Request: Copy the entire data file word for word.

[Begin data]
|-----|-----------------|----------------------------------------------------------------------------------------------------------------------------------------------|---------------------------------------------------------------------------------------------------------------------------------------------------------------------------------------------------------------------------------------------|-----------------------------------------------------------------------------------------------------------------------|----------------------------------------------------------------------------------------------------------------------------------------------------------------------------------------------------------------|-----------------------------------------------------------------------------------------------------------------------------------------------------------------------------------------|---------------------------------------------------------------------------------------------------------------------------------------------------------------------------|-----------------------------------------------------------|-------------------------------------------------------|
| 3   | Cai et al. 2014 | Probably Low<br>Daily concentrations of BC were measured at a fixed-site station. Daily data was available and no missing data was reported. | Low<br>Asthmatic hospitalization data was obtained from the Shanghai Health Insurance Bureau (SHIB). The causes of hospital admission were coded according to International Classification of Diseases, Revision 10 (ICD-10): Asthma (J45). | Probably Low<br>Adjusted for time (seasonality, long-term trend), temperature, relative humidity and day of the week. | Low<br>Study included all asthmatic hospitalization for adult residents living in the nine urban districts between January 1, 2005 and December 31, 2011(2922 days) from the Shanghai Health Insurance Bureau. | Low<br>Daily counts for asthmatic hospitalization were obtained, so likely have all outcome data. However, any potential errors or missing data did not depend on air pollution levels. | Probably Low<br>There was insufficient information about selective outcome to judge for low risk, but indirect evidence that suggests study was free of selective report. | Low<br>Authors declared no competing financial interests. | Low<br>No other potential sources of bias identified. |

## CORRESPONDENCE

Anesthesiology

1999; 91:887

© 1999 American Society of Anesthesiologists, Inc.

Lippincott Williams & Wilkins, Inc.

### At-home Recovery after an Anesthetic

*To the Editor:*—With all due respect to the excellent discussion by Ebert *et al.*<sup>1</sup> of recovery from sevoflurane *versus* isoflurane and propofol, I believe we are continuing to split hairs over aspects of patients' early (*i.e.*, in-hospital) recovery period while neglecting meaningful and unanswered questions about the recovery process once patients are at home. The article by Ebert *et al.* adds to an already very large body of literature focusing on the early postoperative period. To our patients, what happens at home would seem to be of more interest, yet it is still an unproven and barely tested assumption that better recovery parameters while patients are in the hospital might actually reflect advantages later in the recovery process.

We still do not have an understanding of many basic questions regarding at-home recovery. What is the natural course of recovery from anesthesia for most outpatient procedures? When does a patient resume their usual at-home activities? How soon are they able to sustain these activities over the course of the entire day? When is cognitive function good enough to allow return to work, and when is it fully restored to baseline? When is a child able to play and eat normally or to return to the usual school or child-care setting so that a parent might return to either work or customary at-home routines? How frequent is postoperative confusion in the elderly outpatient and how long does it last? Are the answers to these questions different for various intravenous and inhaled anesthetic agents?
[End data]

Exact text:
|-----|-----------------|----------------------------------------------------------------------------------------------------------------------------------------------|---------------------------------------------------------------------------------------------------------------------------------------------------------------------------------------------------------------------------------------------|-----------------------------------------------------------------------------------------------------------------------|----------------------------------------------------------------------------------------------------------------------------------------------------------------------------------------------------------------|-----------------------------------------------------------------------------------------------------------------------------------------------------------------------------------------|---------------------------------------------------------------------------------------------------------------------------------------------------------------------------|-----------------------------------------------------------|-------------------------------------------------------|
| 3   | Cai et al. 2014 | Probably Low<br>Daily concentrations of BC were measured at a fixed-site station. Daily data was available and no missing data was reported. | Low<br>Asthmatic hospitalization data was obtained from the Shanghai Health Insurance Bureau (SHIB). The causes of hospital admission were coded according to International Classification of Diseases, Revision 10 (ICD-10): Asthma (J45). | Probably Low<br>Adjusted for time (seasonality, long-term trend), temperature, relative humidity and day of the week. | Low<br>Study included all asthmatic hospitalization for adult residents living in the nine urban districts between January 1, 2005 and December 31, 2011(2922 days) from the Shanghai Health Insurance Bureau. | Low<br>Daily counts for asthmatic hospitalization were obtained, so likely have all outcome data. However, any potential errors or missing data did not depend on air pollution levels. | Probably Low<br>There was insufficient information about selective outcome to judge for low risk, but indirect evidence that suggests study was free of selective report. | Low<br>Authors declared no competing financial interests. | Low<br>No other potential sources of bias identified. |

## CORRESPONDENCE

Anesthesiology

1999; 91:887

© 1999 American Society of Anesthesiologists, Inc.

Lippincott Williams & Wilkins, Inc.

### At-home Recovery after an Anesthetic

*To the Editor:*—With all due respect to the excellent discussion by Ebert *et al.*<sup>1</sup> of recovery from sevoflurane *versus* isoflurane and propofol, I believe we are continuing to split hairs over aspects of patients' early (*i.e.*, in-hospital) recovery period while neglecting meaningful and unanswered questions about the recovery process once patients are at home. The article by Ebert *et al.* adds to an already very large body of literature focusing on the early postoperative period. To our patients, what happens at home would seem to be of more interest, yet it is still an unproven and barely tested assumption that better recovery parameters while patients are in the hospital might actually reflect advantages later in the recovery process.

We still do not have an understanding of many basic questions regarding at-home recovery. What is the natural course of recovery from anesthesia for most outpatient procedures? When does a patient resume their usual at-home activities? How soon are they able to sustain these activities over the course of the entire day? When is cognitive function good enough to allow return to work, and when is it fully restored to baseline? When is a child able to play and eat normally or to return to the usual school or child-care setting so that a parent might return to either work or customary at-home routines? How frequent is postoperative confusion in the elderly outpatient and how long does it last? Are the answers to these questions different for various intravenous and inhaled anesthetic agents?